Basic behavioral psychology leads me to believe that if we want more major companies innovating, executing and sharing best corporate sustainability practices, the whack-a-mole approach needs to stop. Read more

Making Strides on Companies’ Chemical Footprints

Behind the Label_FAs we’ve written here before, public commitment is one of the essential pillars of leadership on safer chemicals. When a company leads on public commitment, that means communicating not just its initial goal-setting, but its full safer chemicals journey, publicly and honestly.

That’s no small task. The rise of shareholder resolutions across a wide range of sectors shows that investors and purchaser communities are becoming increasingly interested in how companies manage chemicals and mitigate risk. With the release of its inaugural report, one organization is throwing a spotlight on companies that are not just making, but following through on, those commitments.

Ingredients for measuring your (chemical) footprint

Chemical Footprint Project logoThe Chemical Footprint Project (CFP) recognizes companies that have effectively demonstrated public commitment to improved chemicals management. A joint effort launched in June 2015 by Clean Production Action, Pure Strategies and the Lowell Center for Sustainable Production at the University of Massachusetts-Lowell, the CFP was created as a simple way for investors and purchasers to assess these critical aspects of corporate value.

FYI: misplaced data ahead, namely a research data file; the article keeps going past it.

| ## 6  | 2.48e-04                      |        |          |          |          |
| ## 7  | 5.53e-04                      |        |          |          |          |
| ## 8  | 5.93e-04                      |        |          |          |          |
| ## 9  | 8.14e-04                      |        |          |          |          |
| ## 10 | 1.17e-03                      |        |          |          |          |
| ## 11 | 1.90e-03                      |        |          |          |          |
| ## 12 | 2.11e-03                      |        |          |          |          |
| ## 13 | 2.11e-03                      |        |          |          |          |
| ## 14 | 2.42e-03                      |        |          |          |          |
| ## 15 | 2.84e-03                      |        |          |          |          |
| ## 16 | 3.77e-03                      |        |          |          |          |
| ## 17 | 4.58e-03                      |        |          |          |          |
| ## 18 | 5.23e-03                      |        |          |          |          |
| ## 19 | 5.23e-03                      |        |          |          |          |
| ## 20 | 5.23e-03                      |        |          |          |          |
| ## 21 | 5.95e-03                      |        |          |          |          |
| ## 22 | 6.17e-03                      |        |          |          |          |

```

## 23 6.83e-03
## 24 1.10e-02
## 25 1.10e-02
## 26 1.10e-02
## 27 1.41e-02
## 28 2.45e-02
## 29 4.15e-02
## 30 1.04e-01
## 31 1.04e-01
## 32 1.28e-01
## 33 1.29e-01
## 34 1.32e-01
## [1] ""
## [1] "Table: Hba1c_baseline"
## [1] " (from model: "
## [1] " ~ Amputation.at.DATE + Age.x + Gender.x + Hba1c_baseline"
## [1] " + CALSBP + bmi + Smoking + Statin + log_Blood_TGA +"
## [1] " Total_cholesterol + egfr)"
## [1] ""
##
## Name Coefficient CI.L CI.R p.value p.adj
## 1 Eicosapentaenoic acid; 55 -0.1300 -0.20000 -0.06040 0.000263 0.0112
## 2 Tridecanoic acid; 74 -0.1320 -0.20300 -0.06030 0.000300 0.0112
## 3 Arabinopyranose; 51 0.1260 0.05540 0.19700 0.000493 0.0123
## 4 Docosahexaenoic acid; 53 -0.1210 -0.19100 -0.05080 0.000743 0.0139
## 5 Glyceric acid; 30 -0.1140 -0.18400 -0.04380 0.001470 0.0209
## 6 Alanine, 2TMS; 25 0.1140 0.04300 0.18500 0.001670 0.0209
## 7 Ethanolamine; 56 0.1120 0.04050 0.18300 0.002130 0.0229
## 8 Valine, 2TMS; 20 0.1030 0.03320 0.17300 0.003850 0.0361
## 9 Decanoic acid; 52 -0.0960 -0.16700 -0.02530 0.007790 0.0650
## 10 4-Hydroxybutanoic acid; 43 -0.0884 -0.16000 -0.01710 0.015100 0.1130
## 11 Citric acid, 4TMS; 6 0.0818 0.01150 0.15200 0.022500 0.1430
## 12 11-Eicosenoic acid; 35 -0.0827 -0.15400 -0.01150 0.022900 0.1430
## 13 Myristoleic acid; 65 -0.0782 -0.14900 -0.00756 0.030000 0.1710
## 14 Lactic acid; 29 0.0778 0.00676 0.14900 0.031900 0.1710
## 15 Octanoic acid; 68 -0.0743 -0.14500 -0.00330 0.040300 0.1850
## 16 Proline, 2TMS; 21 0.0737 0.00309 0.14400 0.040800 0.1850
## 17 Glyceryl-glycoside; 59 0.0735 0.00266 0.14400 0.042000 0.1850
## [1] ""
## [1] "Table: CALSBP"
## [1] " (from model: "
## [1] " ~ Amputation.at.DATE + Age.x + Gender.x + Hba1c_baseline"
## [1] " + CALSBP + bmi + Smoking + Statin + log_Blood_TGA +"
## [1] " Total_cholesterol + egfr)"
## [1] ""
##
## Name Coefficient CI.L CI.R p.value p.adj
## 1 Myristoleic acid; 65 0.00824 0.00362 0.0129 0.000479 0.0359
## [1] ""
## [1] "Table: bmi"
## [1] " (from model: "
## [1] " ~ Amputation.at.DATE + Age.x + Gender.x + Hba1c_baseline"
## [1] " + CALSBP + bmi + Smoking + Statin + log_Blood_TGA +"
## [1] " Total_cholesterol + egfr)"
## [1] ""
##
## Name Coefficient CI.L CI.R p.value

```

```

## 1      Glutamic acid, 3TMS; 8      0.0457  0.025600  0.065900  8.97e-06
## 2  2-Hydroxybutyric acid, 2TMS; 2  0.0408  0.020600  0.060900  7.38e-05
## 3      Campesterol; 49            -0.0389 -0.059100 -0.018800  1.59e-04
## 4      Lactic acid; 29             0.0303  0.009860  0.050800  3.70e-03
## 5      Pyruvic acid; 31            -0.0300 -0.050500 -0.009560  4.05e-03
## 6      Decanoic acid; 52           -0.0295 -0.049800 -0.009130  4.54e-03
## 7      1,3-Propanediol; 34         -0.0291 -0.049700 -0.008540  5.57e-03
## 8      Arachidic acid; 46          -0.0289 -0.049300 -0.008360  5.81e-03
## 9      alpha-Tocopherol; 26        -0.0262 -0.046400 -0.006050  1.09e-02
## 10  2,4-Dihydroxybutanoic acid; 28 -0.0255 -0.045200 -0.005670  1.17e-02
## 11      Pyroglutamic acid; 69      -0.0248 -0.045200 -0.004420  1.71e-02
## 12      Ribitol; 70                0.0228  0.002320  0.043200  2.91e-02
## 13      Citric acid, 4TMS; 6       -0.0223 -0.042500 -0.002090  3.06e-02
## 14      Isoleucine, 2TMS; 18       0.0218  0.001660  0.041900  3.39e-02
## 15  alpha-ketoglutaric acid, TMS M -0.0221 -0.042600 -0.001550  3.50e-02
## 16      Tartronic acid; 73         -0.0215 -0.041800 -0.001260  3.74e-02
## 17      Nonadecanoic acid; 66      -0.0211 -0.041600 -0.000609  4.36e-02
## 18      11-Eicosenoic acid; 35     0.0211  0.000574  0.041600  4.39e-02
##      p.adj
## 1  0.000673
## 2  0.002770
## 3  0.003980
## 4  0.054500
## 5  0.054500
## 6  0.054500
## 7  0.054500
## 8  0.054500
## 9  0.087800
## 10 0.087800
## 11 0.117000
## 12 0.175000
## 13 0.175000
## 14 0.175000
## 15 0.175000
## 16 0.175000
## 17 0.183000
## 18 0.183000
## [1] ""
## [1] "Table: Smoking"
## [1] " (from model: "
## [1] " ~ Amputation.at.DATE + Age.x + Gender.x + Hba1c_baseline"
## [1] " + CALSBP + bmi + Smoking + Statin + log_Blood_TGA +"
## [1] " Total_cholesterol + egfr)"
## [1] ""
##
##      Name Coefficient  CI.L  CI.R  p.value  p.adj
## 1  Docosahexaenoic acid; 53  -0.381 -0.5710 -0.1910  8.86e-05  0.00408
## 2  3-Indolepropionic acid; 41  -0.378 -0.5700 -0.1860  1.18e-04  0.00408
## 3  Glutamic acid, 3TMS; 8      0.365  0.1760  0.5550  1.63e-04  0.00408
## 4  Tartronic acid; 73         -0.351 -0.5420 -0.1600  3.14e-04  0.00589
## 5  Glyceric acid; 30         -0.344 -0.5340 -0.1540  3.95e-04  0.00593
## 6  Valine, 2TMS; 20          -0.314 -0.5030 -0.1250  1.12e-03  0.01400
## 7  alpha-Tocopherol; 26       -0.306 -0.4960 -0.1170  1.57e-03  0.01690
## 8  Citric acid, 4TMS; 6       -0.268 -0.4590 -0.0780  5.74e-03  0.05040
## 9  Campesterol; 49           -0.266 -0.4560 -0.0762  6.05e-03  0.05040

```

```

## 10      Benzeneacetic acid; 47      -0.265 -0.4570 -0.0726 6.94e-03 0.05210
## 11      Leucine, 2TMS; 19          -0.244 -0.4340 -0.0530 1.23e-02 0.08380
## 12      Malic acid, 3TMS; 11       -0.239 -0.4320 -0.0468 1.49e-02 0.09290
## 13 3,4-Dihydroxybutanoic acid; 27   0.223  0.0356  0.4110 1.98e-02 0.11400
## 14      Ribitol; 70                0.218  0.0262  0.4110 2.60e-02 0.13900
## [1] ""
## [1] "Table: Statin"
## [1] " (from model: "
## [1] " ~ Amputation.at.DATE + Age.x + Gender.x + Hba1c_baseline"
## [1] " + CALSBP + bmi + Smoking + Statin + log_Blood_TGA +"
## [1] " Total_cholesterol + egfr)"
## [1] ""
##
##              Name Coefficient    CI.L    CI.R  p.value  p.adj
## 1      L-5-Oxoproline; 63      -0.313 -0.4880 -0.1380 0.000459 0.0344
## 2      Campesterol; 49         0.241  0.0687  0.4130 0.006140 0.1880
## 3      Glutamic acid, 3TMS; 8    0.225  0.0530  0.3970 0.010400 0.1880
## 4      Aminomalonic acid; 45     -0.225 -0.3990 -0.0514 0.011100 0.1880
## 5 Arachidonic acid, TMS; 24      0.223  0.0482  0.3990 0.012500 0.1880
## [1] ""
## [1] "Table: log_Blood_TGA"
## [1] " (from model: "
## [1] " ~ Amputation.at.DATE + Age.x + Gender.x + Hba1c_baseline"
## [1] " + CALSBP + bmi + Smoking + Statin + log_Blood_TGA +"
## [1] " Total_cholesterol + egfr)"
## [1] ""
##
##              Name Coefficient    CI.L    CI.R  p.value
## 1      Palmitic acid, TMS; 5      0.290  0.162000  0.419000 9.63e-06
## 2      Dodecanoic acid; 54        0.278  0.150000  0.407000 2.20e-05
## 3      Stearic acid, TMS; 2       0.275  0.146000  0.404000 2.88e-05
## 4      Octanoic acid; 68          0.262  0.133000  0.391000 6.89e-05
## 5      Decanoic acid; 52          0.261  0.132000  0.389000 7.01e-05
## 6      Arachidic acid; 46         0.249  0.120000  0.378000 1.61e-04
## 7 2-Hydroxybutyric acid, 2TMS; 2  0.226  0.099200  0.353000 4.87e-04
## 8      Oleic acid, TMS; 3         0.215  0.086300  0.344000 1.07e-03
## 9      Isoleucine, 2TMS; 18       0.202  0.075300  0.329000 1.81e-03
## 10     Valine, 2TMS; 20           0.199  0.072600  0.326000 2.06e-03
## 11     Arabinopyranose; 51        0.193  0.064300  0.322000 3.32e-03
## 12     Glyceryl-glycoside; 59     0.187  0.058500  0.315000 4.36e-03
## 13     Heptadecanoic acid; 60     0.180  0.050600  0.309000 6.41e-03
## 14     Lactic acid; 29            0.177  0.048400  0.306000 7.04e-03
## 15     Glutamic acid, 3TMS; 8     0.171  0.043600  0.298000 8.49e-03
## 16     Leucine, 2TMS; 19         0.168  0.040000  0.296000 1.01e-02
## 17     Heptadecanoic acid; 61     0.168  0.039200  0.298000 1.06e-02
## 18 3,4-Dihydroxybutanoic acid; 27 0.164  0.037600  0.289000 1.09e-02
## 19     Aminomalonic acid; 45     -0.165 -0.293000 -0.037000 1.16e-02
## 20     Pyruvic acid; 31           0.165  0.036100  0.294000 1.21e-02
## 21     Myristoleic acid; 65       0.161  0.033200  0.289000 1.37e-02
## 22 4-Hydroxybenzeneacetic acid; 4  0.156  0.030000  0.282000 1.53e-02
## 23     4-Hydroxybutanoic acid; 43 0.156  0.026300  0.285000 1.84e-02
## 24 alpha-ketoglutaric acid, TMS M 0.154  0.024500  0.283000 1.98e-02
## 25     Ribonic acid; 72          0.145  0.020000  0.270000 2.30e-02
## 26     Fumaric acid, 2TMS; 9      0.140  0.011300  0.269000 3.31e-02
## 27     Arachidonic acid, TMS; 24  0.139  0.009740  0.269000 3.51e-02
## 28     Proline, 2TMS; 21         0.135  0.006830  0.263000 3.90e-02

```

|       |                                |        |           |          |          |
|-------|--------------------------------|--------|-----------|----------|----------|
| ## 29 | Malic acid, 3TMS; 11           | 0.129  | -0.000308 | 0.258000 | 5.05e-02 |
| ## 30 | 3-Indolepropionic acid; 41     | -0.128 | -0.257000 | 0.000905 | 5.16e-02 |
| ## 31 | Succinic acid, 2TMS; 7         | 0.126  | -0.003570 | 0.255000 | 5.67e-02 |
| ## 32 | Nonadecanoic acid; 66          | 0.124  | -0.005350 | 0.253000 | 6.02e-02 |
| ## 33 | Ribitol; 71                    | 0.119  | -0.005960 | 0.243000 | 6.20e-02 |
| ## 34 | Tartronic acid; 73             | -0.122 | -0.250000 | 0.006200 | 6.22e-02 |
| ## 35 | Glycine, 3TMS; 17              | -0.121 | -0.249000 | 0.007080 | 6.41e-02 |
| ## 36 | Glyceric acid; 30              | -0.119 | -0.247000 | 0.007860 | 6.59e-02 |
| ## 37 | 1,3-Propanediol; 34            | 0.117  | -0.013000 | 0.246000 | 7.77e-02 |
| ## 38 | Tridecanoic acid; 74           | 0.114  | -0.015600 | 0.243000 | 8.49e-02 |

The CFP’s evaluation system was designed to be flexible and can be used for any business sector, from personal care products to toys. Using a twenty question survey, the CFP assesses companies’ performance in four areas:

  1. Chemicals management strategy (i.e. corporate chemicals policies),
  2. Chemical inventory (i.e. knowing the chemicals used in products, manufacturing processes and supply chains),
  3. Chemical footprint measurement (i.e. knowing the mass of chemicals of high concern in a company’s products and packaging, processes, and supply chain and tracking progress toward safer alternatives), and
  4. Public disclosure and verification.

A company’s performance is scored on a 100-point scale, with a bonus for verification – respondents receive up to 4 points for independent validation of reported data.

Breaking down CFP’s findings

Last week, the CFP released its inaugural report, with 24 companies from seven sectors participating. Though individual company scores are presented without identification, CFP’s initial report reveals many interesting themes: Read more

Regulation as a Platform for Innovation

IMG_0187To get anything accomplished, you can’t let the perfect be the enemy of the good. One unsung story buried in last week’s release of EPA’s new source methane rules may make good options even better – driving innovation and offering industry more options to meet the methane challenge.

The new rules target a pervasive problem: methane – the primary component of natural gas – leaking throughout the oil and gas value chain. Methane emissions represent a waste of saleable resources, a reputational risk, and a contributor to both poor local air quality and climate change.